Social Science blog

30 August 2011

Olympic Designs

 Simone Bacchini writes:

Recently, I’ve sent out two tweets about Olympic logos. One tweet merely referred our readers to the existence of a website that’s catalogued most logos of the modern Olympics The other was a link to an article by Justin McGuirk on the unveiling of the Brazilian logo for the 2016 Games, containing the author’s musings on the art of creating a successful Olympic logo

 I agree with McGuirk. Nowadays, briefs for designers ask for too much. Logos are supposed to convey far too many messages: values such as inclusiveness and diversity; emotions such as “passion” and “transformation” (as in: the-unifying-power-of-sport-will-transform-you). And if too much is asked of a logo (a LOGO, for goodness sake!) we end up – as McGuirk points out – with too little or – to put it differently – blandness. The latter, according to McGuirk, is often down to the requirement that the logo be “inoffensive”.

 In my opinion, simplicity tends to win, and endure. Just think of religious symbols (bear with me on this, after all I’m the one who blogged about the Olympics and St. Augustine). Christianity: two intersecting lines and there you have it; the cross. Islam: the simple crescent; and the Star of David (or Magen David, the “shield” of David, to give it its proper name): two intersecting triangles. What strikes me about these symbols is first of all that – like I said – from a design point of view they are simple. Secondly, they are instantly recognisable and, as a result of the two previous factors, they are still in use after centuries.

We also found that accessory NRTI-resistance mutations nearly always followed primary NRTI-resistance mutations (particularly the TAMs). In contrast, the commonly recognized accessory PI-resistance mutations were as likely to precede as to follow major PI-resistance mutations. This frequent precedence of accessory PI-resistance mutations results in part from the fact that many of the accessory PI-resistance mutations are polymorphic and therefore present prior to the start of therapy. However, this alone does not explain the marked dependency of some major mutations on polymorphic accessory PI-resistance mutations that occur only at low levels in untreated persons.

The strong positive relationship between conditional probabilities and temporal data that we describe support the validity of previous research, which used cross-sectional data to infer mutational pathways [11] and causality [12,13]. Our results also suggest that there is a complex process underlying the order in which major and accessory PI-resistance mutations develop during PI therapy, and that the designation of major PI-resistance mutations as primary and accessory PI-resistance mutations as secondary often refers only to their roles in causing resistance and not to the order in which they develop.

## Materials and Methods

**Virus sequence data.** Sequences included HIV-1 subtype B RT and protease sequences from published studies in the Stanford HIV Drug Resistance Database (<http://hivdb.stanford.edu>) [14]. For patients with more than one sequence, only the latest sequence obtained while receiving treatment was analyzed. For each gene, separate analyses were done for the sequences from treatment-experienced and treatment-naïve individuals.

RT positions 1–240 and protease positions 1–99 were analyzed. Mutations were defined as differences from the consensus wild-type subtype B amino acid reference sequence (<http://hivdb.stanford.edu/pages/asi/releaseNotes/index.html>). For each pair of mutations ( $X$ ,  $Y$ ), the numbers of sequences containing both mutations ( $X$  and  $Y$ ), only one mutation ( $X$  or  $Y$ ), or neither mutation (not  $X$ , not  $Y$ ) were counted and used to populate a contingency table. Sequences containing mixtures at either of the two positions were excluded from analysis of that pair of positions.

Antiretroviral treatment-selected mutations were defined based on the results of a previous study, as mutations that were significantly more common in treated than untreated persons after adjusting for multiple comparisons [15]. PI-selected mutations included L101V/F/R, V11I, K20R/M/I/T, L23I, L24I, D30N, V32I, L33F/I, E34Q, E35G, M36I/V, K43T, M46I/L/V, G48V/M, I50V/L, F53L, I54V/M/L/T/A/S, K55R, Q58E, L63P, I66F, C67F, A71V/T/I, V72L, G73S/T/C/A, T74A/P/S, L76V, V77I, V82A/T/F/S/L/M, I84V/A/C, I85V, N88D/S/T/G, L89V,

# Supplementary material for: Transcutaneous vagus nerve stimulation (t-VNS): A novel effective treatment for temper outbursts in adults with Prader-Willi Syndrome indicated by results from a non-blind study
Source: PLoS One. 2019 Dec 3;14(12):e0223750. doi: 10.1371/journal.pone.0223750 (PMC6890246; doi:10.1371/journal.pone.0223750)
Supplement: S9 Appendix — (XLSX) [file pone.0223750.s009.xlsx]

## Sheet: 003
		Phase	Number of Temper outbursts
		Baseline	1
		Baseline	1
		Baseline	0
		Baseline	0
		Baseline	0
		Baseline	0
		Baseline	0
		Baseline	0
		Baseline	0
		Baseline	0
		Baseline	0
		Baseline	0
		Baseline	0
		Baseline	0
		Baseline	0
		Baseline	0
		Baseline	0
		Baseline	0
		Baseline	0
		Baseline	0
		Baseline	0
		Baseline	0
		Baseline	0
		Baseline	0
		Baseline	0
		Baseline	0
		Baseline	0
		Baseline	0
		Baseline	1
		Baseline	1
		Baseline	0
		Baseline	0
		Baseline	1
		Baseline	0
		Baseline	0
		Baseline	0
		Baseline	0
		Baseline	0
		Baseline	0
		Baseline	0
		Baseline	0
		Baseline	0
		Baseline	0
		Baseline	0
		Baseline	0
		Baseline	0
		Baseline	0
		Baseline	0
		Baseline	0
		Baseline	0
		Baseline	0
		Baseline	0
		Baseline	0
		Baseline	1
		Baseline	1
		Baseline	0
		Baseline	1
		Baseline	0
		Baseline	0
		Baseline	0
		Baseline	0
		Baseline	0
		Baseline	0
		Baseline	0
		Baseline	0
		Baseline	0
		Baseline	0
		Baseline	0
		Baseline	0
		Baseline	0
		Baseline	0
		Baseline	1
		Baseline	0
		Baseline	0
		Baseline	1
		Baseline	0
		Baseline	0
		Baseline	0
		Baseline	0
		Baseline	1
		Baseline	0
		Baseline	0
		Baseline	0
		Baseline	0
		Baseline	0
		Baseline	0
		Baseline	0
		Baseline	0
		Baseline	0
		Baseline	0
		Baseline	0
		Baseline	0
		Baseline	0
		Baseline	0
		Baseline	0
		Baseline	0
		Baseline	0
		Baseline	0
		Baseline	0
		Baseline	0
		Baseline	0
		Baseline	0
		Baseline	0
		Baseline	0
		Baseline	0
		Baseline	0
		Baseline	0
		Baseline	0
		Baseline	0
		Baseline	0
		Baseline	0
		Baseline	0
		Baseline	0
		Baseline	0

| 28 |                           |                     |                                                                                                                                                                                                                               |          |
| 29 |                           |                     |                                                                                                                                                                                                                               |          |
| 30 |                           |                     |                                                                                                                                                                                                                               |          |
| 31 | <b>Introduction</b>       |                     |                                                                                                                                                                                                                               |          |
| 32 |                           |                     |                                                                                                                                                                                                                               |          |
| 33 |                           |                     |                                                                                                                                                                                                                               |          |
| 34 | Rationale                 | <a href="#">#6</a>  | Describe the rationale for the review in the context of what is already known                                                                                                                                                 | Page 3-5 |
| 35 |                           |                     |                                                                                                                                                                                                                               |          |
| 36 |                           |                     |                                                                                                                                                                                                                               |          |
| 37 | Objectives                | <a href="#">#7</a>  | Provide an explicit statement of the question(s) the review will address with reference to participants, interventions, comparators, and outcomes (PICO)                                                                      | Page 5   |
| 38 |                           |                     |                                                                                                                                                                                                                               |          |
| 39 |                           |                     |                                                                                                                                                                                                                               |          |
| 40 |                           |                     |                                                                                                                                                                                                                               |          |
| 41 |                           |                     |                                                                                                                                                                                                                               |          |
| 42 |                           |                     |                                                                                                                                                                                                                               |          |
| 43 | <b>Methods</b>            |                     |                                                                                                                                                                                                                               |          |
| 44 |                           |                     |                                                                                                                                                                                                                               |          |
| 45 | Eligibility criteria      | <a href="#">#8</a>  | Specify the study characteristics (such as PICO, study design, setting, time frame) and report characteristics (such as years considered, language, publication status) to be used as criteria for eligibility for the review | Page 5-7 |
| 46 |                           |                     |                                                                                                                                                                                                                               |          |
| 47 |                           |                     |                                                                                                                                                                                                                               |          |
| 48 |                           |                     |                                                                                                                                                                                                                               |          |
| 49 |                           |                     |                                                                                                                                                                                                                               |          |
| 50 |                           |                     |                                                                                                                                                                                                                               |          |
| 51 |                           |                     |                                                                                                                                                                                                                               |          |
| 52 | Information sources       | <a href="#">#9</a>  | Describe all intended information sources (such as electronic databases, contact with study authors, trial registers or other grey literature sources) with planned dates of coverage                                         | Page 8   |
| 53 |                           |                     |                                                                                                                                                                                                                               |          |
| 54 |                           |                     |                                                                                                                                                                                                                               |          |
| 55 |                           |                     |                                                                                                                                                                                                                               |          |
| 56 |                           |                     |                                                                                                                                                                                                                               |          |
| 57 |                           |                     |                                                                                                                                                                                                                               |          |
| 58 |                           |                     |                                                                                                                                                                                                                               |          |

There is something else. Behind each of the religious symbols mentioned lie strong, meaningful values; bold statements of belief, with which one might   agree or disagree. The symbols, reflecting this, are bold too, without trying too hard which – McGuirk opines – is one of the reasons behind much of current Olympic imagery failing to make a (lasting) impression.

 McGuirk lists some of the logos that – in his view – have been successful: Otl Acher’s logo for Munich 1972 (and especially the pictograms depicting the different sports), Lance Wyman’s design for Mexico 1968 (my personal favourite), and Ivan Chairmayeff’s logo for the 1984 Los Angeles Olympics. He did leave out, however, the Olympic logo par excellence: the Olympic rings. True, his article was about logos for individual Games and their host cities. But I’m of the opinion that the rings – because they possess all the qualities I mentioned when talking about religious symbols – are here to stay. Notwithstanding all the transformations the Games will undoubtedly go through, those five intersecting rings will endure.

 Long live good design then; even when (or perhaps especially when) it happens accidentally.


Aicher, O. The World as Design. Berlin: Ernst & Sohn, 1994

DS shelfmark: m03/33574

 Evamy, M. Logo. London: Laurence King. 2007.

London reference collections shelfmark: YK.2008.a.20961


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